Hawaiian Words and Phrases

This unique and stunningly beautiful flower is from a passion fruit vine. The flower has a sweet smell and the ball shaped passion fruit is sweet and tangy. In Hawaiian the fruit is called Lilikoi. There are seeds inside the fruit that are not edible and must be spit out. Passion fruit vines first came to Hawaii from Australia around 1880, however, the purple fruit itself originates from Brazil.

Popular Hawaiian Words and Phrases!

The 5 vowels a,e,i,o and u as well as the 7 consonants h,k,l,m,n,p, and w make up the entire Hawaiian alphabet. In the Hawaiian language a consonant is always followed by a vowel which also means all Hawaiian words end in a vowel.

Names and words are more easily pronounced when they are broken down into single syllable chunks. Take the name of Hawaii’s state fish, humuhumunukunukuapua’a, and pronounce it hu-mu-hu-mu-nu-ku-nu-ku-a-pu-a-a.  Phonetically pronounced who-moo-who-moo-new-coo-new-coo-ah-poo-ah-ah. Sometimes the letter W is pronounced the same as V as in the traditional pronunciation of Hawai’i which is phonetically pronounced huh-vi-ee rather than huh-why-ee.

Stressed vowels

a – ah, as in car: aloha

e – a, as in may: nene

i – ee, as in bee: honi

o – oh, as in so: mahalo

u – oo, as in spoon: kapu Unstressed vowels

a – a, as in about: ali`i

e – eh, as in met: kane

 In the Hawaiian language a symbol directly over a vowel called a kahakô indicates that the vowel sound is to be elongated. A apostrophe like symbol called an `okina indicates a quick pause in the word, as in “ah-ah” for the word a`a. Note: These Hawaiian vocabulary words have not been written with the use of the correct kahakô markings due to the absence of a Hawaiian Font.

Close up of a fuzzy Heliconia flower.

Below is a sample of popular Hawaiian phrases and words. Keep in mind we can not list every word translation. Tip: A trick if you are looking for a specific word translation is to depress the control key and the letter “f” key at the same time. It will bring up a find box. Type in the English word you would like a translation for and click the find next button. If the word is translated on this page it will bring you to it.

Days of the Week in Hawaiian

Sunday – Lapule (lay-poo-lay )
Monday – Po’akahi (poh ah-kah-hee)
Tuesday – Po’alua (poh ah-loo-ah)
Wednesday – Po’akolu  (poh ah-ko-loo)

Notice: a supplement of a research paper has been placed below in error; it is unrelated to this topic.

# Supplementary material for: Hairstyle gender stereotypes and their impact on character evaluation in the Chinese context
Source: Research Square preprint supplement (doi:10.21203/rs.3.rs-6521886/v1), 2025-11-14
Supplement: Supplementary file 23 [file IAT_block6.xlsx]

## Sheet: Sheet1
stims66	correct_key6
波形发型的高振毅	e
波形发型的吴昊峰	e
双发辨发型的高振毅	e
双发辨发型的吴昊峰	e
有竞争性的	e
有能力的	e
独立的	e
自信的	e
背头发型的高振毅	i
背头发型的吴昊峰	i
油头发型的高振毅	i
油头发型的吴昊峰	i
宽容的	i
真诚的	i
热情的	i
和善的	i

Thursday – Po’aha  (poh ah-ha)
Friday – Po’alima  (poh ah-lee-mah)
Saturday – Po ‘aono  (poh ah-o-no)

Months of the Year in Hawaiian

January – ‘Iaunuali (ee-ya-oo new-ahlee)
February – Pepeluali  (pay-pay loo-ahlee )
March – Malaki (ma-la-key)
April – ‘Apelila (ah-pe-lee-la)
May – Mei (may-ee)
June – Iune (ee-oo-ney)
July – Iulai (ee-oo-la-ee)
August – ‘Aukake (ah-oo-ka-key)
September – Kepakemapa (key-pa-key-ma-pa)
October – ‘Okakopa (oh-ka-ko-pa)
November – Nowemapa (No-vay-ma-pa)
December – Kekemapa (key-key-ma-pa)

Kahili Ginger has a beautiful fragrant flower that grows in the shape similar to a Hawaiian feather staff called a Kahili. These are wonderful to encounter on hikes and to see in floral arrangements. Be sure to stop and smell the blooms!

Hawaiian Phrases For Hawaii Theme Party & Luau Invitations

Invited: Kono
Invitation: Palapala kono
Date/Time: Manawa
Place: Kauwahi
Directions: ‘Ao’ao
Bring: Lawe mai
Attendance: Ma’ane’i
Reply/answer: Hua loa’a
I am coming/I will come: E hele mai ana au
I am busy: Pa`ahana nõ au
Don’t forget: Mai poina!
Anniversary: La ho’omana’o
Baby: Keiki or pepe
Birthday: La hanau
Come and eat: Mai e `ai
Celebration: Ho`olaule`a
Congratulate: Ho’omaika’i
Congratulations: Ho’omaika’i ‘ana
Our Wedding Day: Ko maua la male ‘ana
Promotion/promote: Ho’opi’i
Retirement/retire: Ho’omaha loa
Shower: Kuaua
Wedding: Male ‘ana
Wedding feast: ‘Aha’aina male
Sweet Sixteen: Momona ‘Umi Kumaono
Please join us: Ho’olu komo la kaua

Come celebrate: Hele mei hoohiwahiwa
Come celebrate Taylor’s first birthday: Hele me hoohiwahiwa Taylor’s mua loa la hanau
Come celebrate Joe’s 30th birthday: Hele me hoohiwahiwa Joe’s 30th la hanau
Come celebrate the wedding of Bob & Sue : Hele mei hoohiwahiwa Bob a me Sue’s la male’ana
Come celebrate our wedding day: Hele mei hoohiwahiwa ko maua la male ‘ana
Come celebrate Jack & Jill’s 25th Anniversary: Hele me hoohiwahiwa Jack & Jill’s 25th la ho’omana’o
Come celebrate George’s retirement: Hele me hoohiwahiwa George’s ho’omaha loa
Come celebrate Sharilyn’s promotion: Hele me hoohiwahiwa Sharilyn’s ho’opi’i
Come to Tiffany’s baby shower luau: Hale mai Tiffany’s pepe kuaua luau
Thank you for celebrating with us: Mahalo nui loa na ho’olaule’a me la kaua